Years ago, the acquisition of aviation safety papers and reports could be a challenging process. But with the advent of the web, and a commitment on the part of many institutions to digitize extensive collections of material, the old reports are no longer moldering in a library basement. A comprehensive review of history, hand-in-hand with contemporary understanding, can inform and optimize the construction of best practices while promoting user acceptance and compliance. Indeed, a through understanding of why we do what we do may elevate compliance from the level of simple discipline to that of professional practice.
My principal area of investigation for the past several years has been airframe icing. The airframe icing menu selection will take you to a number of subpages, containing a variety of papers, articles and accident reports which are specific to both inflight and ground airframe icing. I have included all of the work that I have published, as well as a number of papers that I consider fundamental to the topic. I have also assembled an extensive list of accident and incident reports spanning over eighty years, and a hopefully comprehensive range of web links addressing airframe icing.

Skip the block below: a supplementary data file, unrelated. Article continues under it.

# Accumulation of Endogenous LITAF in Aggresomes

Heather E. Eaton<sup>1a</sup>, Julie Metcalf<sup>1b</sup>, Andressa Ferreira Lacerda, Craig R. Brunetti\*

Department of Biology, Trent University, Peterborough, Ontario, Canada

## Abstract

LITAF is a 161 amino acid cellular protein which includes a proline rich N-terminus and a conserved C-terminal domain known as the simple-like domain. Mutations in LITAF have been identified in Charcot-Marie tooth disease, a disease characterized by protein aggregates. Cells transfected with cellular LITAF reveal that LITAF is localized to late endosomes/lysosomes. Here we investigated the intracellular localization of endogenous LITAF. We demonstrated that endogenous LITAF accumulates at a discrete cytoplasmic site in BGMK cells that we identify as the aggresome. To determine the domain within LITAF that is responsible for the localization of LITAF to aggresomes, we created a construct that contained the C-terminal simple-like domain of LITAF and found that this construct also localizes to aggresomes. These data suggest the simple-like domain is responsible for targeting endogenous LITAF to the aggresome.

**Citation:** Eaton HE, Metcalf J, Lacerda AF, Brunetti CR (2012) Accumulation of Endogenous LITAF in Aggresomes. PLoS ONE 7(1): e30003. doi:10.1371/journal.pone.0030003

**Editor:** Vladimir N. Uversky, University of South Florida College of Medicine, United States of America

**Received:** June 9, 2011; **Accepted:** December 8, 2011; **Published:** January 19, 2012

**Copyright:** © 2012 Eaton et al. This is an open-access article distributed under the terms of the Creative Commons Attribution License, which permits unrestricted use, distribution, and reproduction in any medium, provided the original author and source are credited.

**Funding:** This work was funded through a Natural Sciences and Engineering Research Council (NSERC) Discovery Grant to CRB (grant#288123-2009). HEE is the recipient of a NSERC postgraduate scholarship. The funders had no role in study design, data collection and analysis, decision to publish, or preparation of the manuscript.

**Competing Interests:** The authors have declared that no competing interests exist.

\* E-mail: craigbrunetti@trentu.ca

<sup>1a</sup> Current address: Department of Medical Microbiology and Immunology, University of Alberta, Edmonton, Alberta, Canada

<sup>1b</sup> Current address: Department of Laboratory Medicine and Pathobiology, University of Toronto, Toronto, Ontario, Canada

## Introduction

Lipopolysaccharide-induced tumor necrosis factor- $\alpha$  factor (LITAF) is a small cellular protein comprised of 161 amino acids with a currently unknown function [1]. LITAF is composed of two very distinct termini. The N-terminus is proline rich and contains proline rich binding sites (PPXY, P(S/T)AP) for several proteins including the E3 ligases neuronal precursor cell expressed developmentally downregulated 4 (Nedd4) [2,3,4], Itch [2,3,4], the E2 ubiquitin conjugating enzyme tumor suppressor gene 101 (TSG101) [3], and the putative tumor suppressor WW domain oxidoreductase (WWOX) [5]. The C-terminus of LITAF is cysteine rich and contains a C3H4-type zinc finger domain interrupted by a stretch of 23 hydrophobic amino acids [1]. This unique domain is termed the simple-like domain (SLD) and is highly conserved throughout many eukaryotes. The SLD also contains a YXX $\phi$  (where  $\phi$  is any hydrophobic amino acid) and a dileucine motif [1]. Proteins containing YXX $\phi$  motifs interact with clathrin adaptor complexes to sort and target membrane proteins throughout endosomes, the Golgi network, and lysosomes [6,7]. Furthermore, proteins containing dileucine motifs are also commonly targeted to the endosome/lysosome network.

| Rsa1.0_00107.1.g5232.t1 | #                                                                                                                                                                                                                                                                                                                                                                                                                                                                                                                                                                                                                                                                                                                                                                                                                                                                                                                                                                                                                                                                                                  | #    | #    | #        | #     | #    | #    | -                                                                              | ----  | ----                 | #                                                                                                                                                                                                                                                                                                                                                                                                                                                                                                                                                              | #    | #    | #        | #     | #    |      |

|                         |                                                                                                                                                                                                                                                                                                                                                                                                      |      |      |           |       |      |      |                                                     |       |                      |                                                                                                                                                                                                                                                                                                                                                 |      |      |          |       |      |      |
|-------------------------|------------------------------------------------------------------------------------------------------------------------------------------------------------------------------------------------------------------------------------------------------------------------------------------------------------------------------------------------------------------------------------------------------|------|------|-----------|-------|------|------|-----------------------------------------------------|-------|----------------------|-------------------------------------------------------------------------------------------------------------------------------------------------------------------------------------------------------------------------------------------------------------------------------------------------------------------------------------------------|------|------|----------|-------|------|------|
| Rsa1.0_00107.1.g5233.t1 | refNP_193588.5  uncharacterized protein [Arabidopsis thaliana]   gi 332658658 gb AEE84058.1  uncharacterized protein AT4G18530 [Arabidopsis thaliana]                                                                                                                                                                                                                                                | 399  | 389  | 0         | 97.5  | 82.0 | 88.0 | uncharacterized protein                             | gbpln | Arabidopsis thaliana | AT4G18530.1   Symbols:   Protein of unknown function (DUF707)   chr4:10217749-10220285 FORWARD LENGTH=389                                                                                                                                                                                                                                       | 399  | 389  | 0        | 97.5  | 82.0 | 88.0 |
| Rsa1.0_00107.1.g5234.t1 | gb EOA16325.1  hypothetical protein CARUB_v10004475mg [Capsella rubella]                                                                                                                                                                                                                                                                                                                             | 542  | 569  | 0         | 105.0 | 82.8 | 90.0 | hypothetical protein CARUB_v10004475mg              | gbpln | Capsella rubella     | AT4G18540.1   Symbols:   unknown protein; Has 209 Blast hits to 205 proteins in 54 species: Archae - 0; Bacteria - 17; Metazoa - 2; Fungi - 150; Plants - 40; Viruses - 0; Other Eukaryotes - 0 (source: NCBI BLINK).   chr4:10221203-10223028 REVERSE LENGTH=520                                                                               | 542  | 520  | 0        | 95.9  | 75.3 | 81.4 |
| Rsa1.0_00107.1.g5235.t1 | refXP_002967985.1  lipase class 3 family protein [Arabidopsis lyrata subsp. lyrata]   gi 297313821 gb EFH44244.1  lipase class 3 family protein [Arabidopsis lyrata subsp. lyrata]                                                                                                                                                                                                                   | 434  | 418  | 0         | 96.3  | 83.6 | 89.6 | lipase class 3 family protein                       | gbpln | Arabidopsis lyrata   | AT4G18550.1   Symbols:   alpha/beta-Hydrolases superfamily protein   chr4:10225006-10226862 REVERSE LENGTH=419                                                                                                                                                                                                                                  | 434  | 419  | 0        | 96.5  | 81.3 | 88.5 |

In addition to airframe icing, I have also put together a comprehensive set of references for Part 121 flight crews, in the form of advisory circulars, technical reports and specific excerpts from the FAA's Flight Standards Information System. These documents have been immensely helpful to me in developing training programs as well as just going beyond the typical content of today's classroom and distance learning.
Finally, I have organized my preferred weather information websites in the manner that I use them for daily flight operations.
All of the documents on this site will open as pdf files and can be downloaded. All are available in the public domain; however, many retain copyrights which must be respected.
"...History is linear memory and, as such, beyond organization and indifferent to reason. The characteristic common to the modern man of reason is this loss of memory; lost or rather, denied as an uncontrollable element. And if it must be remembered, then that evocation of real events is always presented as either quaint or dangerous. The past, when it involves a failed system, disappears from the mind. The past is always ad hoc. The future is always optimistic, because it is available for unencumbered solutioneering. And the present lies helpless...just begging to be managed."
John Ralston Saul